You know a good “Instabrow” when you see it: they’re big, they’re bushy, and they instantly make you feel inadequate and un-groomed. You can always fake it ‘til you make it via brow pencils, gels, even microblading—but these options take patience, practice, and precision in order to give off the same naturally fluffed finish we want. Well, as the old saying goes, desperate times call for desperate measures: if you’re in desperate need to reupholster your brows, then going under the knife could be in your future.
Yes, eyebrow transplants are a thing—after all, it is 2019, so is this procedure really a surprise? Allure reports that this brow-enhancing treatment has been on the rise for years, and is making a resurgence after actress/brow maven Meagan Good announced earlier this month that she got the procedure done. If your Y2K days of overplucking has left you behind with razor-thin brows that won’t seem to grow out, then this might be your solace to better, fuller furrows.
Getting a “transplant” may sound frightening, but it’s not what you’d think: unlike other dire health transplants, you’re not swapping your brows out for someone else’s. Rather, Atlanta-based plastic surgeon Dr. Benjamin Stong says that this procedure is basically the same as a scalp or beard transplant. “For an eyebrow transplant surgeons take hair follicles from a patient’s donor site on the back of their head and move them to the thinning portions of the eyebrow,” he says.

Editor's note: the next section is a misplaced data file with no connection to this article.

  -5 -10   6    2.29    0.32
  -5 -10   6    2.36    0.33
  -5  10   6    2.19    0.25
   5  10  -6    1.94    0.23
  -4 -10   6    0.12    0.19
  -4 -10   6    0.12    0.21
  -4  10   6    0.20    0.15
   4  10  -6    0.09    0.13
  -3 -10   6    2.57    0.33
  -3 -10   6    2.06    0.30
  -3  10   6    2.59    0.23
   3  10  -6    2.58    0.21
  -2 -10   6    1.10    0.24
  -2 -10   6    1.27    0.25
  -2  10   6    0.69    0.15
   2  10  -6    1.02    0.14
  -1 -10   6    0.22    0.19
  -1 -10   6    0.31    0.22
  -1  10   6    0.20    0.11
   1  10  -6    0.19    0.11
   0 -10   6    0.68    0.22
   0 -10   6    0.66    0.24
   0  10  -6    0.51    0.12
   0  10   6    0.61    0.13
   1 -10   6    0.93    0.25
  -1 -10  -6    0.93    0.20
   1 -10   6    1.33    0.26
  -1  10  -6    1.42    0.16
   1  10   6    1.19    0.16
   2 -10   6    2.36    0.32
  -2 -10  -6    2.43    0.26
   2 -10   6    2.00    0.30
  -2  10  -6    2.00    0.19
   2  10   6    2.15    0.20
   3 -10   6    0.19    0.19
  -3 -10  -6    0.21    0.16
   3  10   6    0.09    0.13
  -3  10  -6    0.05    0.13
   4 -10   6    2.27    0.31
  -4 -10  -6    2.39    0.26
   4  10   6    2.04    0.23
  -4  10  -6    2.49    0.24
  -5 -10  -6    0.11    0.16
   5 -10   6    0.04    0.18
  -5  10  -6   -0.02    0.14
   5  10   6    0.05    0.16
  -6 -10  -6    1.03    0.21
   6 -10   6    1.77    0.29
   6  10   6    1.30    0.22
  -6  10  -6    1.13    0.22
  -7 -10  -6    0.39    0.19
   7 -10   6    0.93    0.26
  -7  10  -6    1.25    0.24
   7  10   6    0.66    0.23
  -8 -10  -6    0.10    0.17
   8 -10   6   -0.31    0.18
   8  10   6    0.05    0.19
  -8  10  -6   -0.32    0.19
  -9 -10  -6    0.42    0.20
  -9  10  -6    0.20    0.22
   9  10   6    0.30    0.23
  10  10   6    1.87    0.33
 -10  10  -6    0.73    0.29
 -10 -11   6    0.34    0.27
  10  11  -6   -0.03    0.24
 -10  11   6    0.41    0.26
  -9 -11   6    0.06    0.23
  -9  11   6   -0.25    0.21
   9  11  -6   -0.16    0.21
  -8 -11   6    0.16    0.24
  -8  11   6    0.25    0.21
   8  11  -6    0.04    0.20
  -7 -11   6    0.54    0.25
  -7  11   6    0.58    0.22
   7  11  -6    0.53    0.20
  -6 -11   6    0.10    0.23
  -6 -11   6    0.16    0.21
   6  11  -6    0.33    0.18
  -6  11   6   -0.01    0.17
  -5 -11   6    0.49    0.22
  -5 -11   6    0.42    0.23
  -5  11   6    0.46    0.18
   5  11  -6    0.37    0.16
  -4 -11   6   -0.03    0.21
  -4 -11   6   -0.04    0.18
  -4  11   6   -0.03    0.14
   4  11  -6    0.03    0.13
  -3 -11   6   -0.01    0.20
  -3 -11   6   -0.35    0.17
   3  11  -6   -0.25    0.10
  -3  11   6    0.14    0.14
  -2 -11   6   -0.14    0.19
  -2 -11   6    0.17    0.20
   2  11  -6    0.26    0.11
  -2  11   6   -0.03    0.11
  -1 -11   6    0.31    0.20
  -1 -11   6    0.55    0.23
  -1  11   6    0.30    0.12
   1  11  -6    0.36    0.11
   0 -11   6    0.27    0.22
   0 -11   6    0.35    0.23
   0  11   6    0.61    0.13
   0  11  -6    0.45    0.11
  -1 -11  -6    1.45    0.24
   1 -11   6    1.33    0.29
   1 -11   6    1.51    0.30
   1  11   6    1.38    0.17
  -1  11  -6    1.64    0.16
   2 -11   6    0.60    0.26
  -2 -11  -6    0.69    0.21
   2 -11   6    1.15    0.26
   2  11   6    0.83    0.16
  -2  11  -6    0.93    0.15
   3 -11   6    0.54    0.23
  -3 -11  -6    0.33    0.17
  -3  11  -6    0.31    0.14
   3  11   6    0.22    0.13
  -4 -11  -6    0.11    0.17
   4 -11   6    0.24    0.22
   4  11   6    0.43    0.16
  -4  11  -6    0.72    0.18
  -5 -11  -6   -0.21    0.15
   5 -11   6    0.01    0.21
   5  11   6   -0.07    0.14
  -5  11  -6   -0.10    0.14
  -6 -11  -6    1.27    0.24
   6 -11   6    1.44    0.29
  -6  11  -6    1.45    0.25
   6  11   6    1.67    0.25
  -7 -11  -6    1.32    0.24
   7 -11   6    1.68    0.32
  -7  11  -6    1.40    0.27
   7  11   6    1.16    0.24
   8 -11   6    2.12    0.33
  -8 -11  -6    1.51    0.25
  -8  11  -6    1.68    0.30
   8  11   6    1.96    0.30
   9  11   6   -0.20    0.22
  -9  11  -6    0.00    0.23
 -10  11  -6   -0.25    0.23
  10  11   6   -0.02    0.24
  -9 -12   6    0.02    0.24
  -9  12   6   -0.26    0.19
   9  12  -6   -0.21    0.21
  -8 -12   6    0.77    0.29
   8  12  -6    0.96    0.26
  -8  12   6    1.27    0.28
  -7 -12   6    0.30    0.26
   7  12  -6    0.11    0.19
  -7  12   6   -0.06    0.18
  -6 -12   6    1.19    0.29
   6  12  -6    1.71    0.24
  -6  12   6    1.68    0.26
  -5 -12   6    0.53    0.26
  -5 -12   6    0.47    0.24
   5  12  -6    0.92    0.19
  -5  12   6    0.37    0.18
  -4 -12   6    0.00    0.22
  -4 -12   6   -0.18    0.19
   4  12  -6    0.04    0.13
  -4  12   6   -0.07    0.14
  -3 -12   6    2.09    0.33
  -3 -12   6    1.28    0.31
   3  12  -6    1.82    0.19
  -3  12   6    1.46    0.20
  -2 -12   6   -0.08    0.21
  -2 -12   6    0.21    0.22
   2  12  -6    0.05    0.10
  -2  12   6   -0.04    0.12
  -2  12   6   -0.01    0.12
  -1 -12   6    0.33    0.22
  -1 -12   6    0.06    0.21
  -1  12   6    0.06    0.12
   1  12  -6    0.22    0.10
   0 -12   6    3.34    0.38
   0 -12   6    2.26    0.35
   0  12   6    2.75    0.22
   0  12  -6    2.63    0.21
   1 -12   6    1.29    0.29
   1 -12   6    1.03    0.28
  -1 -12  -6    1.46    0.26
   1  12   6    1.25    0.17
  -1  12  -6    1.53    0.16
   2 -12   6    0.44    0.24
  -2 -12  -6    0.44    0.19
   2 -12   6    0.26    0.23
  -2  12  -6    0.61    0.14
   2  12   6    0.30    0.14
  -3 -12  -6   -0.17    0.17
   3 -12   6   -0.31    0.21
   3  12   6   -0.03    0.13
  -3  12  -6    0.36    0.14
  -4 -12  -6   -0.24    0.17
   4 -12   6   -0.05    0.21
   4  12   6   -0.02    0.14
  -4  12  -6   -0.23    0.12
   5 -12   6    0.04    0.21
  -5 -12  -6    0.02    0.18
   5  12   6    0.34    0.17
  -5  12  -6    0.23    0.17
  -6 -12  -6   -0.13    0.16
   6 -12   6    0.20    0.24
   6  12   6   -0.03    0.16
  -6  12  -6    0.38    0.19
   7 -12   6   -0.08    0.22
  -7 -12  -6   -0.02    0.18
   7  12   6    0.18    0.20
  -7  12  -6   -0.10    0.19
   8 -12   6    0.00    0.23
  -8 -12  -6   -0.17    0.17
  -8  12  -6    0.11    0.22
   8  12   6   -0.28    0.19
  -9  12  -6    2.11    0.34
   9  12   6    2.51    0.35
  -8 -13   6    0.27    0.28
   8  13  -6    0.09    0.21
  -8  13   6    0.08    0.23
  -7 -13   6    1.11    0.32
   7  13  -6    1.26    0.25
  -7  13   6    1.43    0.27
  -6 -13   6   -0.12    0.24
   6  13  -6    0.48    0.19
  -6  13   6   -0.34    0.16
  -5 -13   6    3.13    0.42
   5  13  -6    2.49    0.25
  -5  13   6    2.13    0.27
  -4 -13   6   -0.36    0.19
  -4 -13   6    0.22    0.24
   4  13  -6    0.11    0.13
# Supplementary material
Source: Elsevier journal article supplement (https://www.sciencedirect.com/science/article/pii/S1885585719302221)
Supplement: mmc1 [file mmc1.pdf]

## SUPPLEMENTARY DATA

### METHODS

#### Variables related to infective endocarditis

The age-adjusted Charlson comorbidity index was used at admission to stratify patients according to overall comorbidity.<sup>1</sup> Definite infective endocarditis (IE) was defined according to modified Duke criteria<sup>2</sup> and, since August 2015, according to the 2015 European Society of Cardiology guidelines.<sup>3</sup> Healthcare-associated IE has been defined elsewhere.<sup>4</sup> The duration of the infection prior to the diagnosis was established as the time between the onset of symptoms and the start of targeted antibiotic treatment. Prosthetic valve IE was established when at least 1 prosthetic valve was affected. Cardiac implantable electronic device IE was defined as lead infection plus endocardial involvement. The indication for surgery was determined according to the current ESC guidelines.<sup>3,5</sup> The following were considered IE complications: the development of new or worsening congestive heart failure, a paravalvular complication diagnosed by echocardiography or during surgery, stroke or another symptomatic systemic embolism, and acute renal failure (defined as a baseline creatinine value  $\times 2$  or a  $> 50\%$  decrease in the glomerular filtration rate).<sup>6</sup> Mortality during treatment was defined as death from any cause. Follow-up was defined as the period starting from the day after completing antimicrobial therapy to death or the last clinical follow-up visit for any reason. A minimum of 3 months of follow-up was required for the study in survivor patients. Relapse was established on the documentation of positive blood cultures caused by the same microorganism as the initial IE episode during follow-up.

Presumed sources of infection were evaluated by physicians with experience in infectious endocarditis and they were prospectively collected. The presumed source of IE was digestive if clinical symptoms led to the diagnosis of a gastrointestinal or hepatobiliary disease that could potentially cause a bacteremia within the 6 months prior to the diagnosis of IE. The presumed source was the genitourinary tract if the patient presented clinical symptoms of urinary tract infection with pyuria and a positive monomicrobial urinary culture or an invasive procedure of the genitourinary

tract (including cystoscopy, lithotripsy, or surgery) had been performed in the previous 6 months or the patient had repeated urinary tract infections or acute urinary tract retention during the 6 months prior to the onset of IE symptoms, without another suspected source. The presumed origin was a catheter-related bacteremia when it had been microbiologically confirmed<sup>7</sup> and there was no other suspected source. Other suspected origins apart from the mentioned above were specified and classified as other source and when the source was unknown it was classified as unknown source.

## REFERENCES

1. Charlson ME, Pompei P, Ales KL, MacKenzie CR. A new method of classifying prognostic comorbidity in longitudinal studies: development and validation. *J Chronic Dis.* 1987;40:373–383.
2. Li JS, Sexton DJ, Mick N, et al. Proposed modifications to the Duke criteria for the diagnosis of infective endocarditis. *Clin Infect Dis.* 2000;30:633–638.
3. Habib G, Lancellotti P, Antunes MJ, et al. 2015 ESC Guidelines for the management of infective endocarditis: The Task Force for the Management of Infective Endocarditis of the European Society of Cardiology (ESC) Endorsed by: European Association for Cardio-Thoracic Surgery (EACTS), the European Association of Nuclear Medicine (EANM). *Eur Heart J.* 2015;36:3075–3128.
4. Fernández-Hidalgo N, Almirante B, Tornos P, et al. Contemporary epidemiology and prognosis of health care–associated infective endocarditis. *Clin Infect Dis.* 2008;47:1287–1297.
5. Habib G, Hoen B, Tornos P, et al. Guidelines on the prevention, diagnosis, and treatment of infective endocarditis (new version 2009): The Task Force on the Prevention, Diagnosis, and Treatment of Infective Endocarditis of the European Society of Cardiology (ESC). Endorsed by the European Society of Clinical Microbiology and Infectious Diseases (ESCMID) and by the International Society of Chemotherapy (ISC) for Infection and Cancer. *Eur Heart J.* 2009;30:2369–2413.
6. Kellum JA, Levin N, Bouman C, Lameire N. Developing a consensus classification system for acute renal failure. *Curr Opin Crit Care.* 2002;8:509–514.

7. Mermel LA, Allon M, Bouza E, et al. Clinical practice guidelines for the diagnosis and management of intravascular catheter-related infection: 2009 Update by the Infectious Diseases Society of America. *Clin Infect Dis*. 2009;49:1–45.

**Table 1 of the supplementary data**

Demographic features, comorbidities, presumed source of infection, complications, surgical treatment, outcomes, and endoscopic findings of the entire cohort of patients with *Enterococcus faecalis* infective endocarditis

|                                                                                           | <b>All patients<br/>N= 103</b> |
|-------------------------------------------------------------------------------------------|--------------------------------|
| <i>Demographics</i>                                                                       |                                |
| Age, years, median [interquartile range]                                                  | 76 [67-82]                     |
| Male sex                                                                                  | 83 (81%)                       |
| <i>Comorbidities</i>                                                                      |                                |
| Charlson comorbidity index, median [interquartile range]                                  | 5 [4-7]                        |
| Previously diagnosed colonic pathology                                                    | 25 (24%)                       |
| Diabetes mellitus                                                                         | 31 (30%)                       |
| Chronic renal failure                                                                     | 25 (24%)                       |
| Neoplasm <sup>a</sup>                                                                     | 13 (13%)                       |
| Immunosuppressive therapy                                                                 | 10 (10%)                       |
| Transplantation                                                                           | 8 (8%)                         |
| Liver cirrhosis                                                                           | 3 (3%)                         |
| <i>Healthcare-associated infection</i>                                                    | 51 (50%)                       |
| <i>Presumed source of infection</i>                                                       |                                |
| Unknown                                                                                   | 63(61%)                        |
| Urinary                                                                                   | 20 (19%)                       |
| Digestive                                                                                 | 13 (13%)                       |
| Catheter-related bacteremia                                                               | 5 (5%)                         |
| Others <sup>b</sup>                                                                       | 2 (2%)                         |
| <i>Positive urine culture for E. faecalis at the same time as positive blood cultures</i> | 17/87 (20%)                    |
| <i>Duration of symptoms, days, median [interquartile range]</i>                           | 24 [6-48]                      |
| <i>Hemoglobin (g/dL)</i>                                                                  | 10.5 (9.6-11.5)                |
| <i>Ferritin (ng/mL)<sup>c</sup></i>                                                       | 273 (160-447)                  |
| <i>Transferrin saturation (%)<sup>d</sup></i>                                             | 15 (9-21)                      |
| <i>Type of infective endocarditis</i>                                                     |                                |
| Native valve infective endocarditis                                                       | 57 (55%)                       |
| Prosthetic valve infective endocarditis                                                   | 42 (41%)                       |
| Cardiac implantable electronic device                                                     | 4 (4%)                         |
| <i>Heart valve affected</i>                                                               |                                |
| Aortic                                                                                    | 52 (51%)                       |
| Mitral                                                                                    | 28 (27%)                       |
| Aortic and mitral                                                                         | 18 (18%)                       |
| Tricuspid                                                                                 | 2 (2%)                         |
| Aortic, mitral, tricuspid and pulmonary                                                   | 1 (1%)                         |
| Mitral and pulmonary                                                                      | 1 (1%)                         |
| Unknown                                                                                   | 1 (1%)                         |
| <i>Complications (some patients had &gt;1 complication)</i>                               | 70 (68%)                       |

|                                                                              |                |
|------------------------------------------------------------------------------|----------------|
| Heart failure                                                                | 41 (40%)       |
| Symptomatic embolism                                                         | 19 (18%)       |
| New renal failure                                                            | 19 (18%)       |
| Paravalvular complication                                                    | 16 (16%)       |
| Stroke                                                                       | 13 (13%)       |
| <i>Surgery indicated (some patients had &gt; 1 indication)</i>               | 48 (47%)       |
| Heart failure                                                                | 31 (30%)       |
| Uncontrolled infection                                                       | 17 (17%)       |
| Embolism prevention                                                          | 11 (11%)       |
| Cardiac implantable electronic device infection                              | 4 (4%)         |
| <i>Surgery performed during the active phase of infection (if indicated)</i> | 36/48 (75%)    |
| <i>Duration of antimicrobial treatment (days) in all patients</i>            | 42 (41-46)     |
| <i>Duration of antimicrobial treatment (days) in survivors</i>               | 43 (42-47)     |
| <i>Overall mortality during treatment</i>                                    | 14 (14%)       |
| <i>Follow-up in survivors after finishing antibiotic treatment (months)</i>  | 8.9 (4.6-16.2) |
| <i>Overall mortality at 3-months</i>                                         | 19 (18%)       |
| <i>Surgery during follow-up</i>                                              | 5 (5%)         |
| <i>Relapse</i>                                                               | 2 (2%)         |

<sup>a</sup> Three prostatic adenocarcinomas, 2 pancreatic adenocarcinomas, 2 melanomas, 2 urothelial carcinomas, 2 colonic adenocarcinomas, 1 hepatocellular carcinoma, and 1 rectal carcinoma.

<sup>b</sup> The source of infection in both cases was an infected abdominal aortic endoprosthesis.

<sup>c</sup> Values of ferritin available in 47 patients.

Unlike microblading, this procedure is completely permanent, and doesn’t require any form of ink or tattooing that can wear off after a few years. “The donor follicles are collected from areas that are genetically programmed not to fall out,” says Dr. Stong. He also notes that the procedure is fairly quick, and downtime is rather minimal.
While permanent sounds great—who doesn’t want perfectly full brows at all times?—make sure you go to a reputable surgeon who won’t leave you with messed up arches. Always make sure to do your research, read reviews, and always stay cautious about those half-priced Groupon deals. Remember: you can’t put a price tag on yourself, so the investment in a skilled surgeon will pay off in the long run.
How much would this ordeal cost, anyways? Well, unfortunately for my fellow bargain hunters, it’s definitely not the cheapest brow option available: according to Dr. Stong, this pricey procedure could set you back anywhere between $4,000-$7,000 depending on the amount of restoration needed.
But, who could put a price tag on Insta-worthy brows, right?